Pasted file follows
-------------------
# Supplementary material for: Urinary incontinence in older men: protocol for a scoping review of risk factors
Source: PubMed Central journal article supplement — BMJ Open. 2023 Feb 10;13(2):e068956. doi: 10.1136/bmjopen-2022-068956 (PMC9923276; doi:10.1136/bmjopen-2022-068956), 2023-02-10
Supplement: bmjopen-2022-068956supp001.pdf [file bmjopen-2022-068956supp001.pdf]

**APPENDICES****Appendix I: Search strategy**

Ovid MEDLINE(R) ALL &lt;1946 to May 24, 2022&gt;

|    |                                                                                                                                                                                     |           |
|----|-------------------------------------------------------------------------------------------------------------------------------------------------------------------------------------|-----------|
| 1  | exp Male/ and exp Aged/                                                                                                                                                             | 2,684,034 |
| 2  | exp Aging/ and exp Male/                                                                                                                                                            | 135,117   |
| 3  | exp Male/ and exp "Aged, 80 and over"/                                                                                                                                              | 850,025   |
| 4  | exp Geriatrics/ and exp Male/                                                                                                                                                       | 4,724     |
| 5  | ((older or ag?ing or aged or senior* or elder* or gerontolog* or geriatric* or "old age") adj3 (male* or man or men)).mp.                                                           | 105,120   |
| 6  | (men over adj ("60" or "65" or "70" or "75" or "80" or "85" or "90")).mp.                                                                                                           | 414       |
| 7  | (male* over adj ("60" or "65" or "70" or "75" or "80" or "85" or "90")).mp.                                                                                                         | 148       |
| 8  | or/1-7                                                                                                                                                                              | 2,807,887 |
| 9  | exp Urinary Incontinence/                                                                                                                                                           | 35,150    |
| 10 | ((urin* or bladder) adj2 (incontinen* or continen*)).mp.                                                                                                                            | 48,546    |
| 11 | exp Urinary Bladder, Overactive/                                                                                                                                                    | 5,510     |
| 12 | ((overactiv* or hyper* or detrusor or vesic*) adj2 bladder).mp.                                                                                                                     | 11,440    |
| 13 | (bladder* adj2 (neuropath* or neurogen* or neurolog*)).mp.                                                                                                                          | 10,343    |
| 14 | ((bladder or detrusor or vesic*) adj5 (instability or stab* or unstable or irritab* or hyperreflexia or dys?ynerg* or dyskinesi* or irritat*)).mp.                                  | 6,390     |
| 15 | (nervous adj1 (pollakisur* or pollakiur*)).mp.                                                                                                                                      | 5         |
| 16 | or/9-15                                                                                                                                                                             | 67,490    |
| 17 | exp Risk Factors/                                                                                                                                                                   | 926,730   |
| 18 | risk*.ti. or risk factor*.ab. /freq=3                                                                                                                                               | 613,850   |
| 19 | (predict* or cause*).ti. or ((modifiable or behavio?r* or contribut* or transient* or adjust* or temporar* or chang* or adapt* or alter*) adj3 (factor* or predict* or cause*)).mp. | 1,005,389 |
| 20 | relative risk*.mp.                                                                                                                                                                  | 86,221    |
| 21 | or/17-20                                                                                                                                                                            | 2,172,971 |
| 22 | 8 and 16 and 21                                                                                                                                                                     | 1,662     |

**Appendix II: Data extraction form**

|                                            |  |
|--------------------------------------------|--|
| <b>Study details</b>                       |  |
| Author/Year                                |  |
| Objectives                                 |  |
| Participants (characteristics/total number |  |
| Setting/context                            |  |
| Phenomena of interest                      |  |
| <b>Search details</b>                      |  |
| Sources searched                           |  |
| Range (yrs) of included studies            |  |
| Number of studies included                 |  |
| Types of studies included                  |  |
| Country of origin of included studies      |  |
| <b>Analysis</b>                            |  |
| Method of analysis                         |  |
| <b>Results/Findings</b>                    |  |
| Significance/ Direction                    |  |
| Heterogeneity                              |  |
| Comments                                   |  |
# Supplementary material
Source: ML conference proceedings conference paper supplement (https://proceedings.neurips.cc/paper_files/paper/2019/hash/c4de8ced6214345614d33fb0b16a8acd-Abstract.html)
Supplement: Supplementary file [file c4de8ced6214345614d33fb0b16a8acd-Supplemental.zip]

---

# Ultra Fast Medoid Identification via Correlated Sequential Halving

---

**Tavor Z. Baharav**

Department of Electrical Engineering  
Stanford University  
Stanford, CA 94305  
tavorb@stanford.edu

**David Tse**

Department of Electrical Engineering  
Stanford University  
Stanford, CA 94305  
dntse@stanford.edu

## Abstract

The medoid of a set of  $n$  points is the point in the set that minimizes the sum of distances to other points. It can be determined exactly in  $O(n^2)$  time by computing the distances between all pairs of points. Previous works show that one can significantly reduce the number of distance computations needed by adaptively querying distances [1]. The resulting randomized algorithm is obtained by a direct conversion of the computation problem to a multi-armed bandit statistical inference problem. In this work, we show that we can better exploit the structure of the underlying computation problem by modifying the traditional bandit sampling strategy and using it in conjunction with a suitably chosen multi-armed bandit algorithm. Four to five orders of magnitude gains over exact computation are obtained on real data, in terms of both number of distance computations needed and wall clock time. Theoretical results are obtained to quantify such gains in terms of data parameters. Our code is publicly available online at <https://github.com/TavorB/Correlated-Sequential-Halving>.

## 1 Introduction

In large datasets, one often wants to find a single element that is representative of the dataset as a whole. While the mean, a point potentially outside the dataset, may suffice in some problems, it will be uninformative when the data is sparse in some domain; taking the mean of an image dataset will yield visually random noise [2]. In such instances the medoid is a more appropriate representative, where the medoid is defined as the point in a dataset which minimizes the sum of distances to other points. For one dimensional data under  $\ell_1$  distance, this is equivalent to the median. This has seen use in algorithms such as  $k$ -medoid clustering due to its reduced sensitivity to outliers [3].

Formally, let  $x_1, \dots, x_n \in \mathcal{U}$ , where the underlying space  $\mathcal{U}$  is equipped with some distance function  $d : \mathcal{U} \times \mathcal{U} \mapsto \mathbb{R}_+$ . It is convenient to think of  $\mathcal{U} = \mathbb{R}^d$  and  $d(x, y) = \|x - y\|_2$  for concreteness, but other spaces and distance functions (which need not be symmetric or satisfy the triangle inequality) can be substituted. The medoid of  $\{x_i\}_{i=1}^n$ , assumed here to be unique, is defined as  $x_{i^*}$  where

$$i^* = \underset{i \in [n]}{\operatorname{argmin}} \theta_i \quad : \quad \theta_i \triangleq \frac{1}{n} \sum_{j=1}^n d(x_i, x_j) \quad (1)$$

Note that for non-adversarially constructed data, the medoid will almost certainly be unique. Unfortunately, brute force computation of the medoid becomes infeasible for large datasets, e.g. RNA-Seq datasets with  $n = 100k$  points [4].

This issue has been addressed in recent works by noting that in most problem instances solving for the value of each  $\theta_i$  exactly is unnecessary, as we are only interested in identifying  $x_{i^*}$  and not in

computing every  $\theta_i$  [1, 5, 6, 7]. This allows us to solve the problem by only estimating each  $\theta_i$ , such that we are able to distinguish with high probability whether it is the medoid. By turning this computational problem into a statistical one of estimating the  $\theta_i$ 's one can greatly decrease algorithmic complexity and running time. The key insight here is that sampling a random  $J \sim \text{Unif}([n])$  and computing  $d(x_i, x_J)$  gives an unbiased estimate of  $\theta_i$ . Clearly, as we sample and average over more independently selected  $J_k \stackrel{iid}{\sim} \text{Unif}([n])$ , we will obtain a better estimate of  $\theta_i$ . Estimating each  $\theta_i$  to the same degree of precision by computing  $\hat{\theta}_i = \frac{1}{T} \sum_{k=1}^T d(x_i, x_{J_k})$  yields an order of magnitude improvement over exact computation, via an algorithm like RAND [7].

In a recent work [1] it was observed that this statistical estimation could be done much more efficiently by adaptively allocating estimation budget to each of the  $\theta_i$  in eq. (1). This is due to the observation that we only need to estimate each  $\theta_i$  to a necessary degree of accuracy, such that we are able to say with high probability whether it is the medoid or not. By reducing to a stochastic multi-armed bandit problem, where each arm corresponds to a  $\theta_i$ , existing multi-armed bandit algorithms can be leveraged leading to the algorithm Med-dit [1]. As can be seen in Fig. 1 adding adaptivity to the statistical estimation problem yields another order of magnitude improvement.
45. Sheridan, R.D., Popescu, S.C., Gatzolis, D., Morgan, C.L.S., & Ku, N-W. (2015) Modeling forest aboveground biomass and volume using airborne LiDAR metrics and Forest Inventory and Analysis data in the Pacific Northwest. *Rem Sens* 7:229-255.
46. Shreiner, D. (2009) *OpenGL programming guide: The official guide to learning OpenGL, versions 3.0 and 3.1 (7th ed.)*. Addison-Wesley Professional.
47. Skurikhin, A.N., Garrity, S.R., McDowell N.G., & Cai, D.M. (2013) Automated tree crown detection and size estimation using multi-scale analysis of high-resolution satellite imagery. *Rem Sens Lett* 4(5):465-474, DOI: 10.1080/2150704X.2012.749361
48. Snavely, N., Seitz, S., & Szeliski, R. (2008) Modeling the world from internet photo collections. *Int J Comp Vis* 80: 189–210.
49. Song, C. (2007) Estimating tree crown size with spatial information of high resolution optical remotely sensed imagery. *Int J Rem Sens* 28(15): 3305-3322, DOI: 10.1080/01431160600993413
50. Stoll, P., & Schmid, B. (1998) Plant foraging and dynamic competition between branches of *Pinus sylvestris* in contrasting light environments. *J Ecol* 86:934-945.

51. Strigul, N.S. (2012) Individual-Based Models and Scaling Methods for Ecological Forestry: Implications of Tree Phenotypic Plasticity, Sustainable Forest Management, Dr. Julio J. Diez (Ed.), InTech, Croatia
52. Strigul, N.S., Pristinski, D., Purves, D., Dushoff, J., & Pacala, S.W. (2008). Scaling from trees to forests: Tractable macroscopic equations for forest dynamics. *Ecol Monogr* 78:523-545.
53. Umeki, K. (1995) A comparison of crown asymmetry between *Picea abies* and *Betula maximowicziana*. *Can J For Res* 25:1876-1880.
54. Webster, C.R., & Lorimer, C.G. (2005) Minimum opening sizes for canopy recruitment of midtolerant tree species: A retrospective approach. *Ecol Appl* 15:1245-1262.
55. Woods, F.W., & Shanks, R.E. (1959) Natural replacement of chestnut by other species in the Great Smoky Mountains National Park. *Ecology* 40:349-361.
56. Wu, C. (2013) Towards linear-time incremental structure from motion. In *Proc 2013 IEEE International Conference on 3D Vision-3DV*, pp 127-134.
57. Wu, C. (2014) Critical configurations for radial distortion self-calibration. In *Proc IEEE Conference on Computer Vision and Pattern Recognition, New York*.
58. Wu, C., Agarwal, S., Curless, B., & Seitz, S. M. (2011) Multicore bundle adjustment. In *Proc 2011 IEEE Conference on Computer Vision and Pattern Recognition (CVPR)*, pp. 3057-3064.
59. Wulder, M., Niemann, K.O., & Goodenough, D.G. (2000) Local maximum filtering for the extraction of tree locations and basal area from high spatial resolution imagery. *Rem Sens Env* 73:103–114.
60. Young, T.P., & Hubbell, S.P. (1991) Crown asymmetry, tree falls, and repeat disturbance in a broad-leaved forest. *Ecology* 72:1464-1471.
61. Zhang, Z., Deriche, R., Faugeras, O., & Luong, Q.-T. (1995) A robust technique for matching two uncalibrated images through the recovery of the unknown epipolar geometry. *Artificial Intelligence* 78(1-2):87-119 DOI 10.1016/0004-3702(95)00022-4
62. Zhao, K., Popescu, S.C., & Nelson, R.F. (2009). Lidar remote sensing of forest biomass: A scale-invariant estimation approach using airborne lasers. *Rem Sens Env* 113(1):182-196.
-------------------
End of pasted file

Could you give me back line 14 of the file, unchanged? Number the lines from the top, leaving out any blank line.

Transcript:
| 7  | (male* over adj ("60" or "65" or "70" or "75" or "80" or "85" or "90")).mp.                                                                                                         | 148       |